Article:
the entrepreneurs in these other industries, on the usefulness of the factor
to them in their production activities. This element in the money costs
of production paid out by the eventual employer of the factor, thus meas-
ures that cost to consumers”often loosely termed the "social cost" of
production”which takes the form of the lost products that might have
been produced by entrepreneurs in other industries (the measurement
being made by the appraisals of these entrepreneurs). This element is
frequently termed the transfer cost of the factor, the amount that must
be paid to the factor to keep it from being used by another industry. Any
amount of money paid to a factor over and above its transfer cost cannot
be considered as "costs," from the point of vieiu of the consumers choosing
between products. The assignment of a factor to the production of a
particular product has not implied any loss of other possible products to
consumers that can be valued above the transfer costs of the factor.
From this point of view, sums of money paid for a factor above transfer
costs are termed economic rent to the factor owner. The importance
of the recognition of this second element, in the sums of money paid for

factor services, lies in the realization that any payment of rent in this
sense involves no exercise of influence upon the allocation of factors be-
tween industries.
Although from the point of view of consumers only transfer costs are
true costs, insofar as the choice of product is concerned, there may be
valid points of view from which the cost element in the payments to fac-
tors is considerably larger. What is rent from one point of view may
well be true cost from another point of view. The amount of money
that a particular employer must pay to ensure that the services of a factor
are not snapped up by a rival producer of the same product is a true
cost, in the sense that this sum is the decisive factor in the allocation of
productive factors between producers of the same product. And even
from the point of view of the consumer this kind of allocation is not a
matter of indifference, since different producers may have different degrees
of ability in efficiency of production. What is a rent, viewing the industry
as a single unit, may be a cost, when the industry is viewed as consisting of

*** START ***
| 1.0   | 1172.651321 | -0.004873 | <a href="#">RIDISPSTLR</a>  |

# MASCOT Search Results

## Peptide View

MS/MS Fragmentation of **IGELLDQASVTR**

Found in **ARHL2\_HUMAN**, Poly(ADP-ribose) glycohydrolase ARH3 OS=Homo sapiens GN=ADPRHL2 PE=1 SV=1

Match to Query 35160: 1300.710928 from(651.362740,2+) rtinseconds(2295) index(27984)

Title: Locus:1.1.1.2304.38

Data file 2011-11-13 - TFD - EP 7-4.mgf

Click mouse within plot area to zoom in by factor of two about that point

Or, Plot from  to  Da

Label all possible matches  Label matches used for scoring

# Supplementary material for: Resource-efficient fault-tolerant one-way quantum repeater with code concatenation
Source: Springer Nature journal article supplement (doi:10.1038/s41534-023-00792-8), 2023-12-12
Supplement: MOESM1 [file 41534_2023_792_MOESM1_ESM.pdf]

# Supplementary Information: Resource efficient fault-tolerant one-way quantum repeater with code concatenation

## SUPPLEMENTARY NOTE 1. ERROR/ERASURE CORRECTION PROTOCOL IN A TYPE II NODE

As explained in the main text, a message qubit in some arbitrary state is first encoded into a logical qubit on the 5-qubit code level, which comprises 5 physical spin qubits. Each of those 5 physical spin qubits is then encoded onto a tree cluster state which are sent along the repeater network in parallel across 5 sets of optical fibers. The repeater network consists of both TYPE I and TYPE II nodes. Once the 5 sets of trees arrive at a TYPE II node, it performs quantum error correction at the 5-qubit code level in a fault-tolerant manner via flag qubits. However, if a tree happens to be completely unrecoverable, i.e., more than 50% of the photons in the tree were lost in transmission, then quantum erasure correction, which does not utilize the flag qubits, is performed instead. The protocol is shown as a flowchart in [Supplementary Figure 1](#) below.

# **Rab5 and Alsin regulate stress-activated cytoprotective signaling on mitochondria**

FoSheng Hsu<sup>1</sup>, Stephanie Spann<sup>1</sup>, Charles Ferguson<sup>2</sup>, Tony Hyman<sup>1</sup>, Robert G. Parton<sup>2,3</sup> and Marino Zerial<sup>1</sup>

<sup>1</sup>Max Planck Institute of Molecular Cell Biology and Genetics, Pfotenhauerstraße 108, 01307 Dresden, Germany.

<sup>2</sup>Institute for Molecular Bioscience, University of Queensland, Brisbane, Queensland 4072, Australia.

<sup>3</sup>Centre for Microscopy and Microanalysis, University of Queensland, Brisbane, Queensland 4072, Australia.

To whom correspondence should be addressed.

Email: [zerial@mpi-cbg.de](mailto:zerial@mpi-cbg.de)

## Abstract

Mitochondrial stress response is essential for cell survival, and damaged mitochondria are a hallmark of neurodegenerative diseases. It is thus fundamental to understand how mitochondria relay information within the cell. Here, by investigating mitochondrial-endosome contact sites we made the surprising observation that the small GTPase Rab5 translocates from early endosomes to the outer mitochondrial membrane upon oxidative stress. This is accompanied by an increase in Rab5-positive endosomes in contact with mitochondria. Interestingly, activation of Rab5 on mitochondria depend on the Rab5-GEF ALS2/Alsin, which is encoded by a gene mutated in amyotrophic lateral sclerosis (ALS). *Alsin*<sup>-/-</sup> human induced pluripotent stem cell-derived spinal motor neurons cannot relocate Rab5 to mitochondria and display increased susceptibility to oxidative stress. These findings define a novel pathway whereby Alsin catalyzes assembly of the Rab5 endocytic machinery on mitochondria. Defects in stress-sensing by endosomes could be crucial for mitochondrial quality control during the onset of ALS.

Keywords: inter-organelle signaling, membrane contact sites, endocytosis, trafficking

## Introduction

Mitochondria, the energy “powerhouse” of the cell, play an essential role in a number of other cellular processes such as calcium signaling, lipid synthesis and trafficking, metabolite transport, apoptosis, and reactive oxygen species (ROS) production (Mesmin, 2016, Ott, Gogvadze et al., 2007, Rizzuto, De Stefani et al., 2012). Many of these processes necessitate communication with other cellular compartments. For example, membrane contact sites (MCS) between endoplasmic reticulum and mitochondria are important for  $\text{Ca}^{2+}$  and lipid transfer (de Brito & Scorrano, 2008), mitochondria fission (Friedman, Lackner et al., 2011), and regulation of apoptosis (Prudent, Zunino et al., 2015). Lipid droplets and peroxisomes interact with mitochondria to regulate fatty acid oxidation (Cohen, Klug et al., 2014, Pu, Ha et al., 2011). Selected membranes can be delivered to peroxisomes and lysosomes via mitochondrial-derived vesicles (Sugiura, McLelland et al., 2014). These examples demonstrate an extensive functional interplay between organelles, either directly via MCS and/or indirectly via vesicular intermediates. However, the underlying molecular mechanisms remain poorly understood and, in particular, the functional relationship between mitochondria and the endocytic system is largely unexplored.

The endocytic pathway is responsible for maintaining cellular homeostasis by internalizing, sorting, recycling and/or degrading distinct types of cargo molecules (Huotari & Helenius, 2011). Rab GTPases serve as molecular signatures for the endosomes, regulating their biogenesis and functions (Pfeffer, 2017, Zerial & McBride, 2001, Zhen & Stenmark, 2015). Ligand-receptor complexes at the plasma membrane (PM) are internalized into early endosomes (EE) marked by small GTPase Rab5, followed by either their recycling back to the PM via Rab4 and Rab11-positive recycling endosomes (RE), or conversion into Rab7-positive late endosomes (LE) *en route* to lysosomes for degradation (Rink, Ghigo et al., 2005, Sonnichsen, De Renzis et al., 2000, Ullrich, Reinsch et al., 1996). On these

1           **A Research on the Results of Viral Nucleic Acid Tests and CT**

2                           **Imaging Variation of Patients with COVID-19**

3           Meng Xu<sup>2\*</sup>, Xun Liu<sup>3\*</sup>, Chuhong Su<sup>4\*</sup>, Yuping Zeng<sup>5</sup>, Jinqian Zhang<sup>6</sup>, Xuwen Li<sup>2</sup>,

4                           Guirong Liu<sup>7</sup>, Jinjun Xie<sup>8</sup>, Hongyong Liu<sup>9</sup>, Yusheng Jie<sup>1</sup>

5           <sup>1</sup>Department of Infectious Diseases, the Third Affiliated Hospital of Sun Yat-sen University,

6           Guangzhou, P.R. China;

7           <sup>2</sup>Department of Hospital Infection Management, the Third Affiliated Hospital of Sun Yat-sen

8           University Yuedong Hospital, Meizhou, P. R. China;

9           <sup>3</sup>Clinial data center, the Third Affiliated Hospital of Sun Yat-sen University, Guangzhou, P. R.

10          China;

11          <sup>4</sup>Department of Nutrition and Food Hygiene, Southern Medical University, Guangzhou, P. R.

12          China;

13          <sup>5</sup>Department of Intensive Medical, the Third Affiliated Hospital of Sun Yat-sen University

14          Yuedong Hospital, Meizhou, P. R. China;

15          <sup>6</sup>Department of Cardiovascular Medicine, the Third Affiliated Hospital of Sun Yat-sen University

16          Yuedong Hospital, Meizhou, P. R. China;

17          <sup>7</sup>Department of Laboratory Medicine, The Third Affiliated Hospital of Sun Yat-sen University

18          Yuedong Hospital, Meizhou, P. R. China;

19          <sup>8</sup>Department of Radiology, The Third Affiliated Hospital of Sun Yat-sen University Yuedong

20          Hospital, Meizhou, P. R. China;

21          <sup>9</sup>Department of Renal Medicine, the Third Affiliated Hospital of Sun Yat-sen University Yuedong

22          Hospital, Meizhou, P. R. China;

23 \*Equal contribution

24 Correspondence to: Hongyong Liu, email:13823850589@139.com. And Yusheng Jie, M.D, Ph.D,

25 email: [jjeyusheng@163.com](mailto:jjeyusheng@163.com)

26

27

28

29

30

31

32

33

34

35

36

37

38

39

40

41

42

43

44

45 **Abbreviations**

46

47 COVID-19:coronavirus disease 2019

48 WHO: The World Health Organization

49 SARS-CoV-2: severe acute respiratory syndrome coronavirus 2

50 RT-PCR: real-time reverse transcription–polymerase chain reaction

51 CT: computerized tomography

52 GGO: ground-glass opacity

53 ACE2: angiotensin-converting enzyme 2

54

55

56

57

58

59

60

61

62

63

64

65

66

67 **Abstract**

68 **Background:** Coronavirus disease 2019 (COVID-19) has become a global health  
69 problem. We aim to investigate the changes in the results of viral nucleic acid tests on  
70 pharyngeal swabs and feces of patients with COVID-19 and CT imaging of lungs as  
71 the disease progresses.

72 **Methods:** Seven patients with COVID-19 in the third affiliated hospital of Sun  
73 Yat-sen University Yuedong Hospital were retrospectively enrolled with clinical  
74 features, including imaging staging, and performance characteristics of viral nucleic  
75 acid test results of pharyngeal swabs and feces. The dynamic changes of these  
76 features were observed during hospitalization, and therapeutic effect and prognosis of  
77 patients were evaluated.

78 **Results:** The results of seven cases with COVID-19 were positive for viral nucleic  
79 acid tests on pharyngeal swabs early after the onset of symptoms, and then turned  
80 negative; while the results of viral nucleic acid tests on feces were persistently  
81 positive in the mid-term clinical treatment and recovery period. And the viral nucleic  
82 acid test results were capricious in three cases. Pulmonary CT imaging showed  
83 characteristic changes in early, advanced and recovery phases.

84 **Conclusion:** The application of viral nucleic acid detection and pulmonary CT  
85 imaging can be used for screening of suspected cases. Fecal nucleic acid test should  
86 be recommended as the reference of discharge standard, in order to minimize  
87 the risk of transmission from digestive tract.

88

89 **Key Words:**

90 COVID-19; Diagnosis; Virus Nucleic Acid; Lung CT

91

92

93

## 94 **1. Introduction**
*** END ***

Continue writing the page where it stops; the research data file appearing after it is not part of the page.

producers of different entrepreneurial skills. An oilfield being exploited
by a particular oil company commands a price a small part of which is
necessary to withstand the competition of farmers for the land, the rest
being necessary to outstrip the competition of other oil companies. This
second portion of the price is rent from the viewpoint of the oil industry
as a whole, but cost from the viewpoint of any one oil company.1

When it is realized that in a market economy as well, the costs that a
producer's accountant reports to him are to be seen as reflecting opportun-
ity costs in a real sense, then the dependency of the supply of particular
products upon costs of production becomes visible in its proper context.
It is apparent, for example, that the reason why all the resources of an
economy are not channeled into the production of a single product is that
the costs are too high, in tivo senses that are ultimately equivalent to one
another. First, after a point the price that must be paid for the necessary
factors would become very high indeed, far higher than could be justified
by the value of the product produced. Second, the channeling of all re-
sources into a single product means the complete cessation of the supply
of any other goods; this sacrifice is too great. Both interpretations are
ultimately equivalent in that the intolerable magnitude of the sacrifice
of all other products manifests itself in the high prices that will be offered
in the market for the other products, and hence for the resources required
for their production.

l Sec p. 230, ftnt. 12.

These considerations point up a general tendency operating upon
the supply of any one product.
The per-unit costs of production of any particular product tend in
general to rise as the margin of output of this product is advanced.
Economic analysis of the conditions of supply of particular commodities
hinges ultimately upon the degree to which this tendency is actually ful-
filled as against the degree to which this tendency is thwarted by special
circumstances. As more and more of a particular commodity is produced
during a given period of time, fewrer and fewer other commodities can
be produced. By the principle of diminishing marginal utility, this means
that the advancement, by successive units, of the margin of output of a
particular product would involve the simultaneous reduction in impor-
tance of each additional unit of this product, and increase in importance
of the units at the respective margins of output of other products. But
this can only mean that the expansion of any one kind of production tends
to entail, for each additional unit to be produced, the rejection of alterna-
tives that are more and more difficult to ignore; a tendency toward in-
creasing costs prevails. For the isolated individual, as for the market,
the tendency toward increasing costs determines the margin of production
for each good. The market process strives, as do the actions of the isolated
individual, for a production pattern that strikes a balance between goods
so that the opportunity costs of the production of each good be minimized.
The output margin for each good tends to be at the point where an ad-
ditional unit of it (whose utility falls with increased output) would no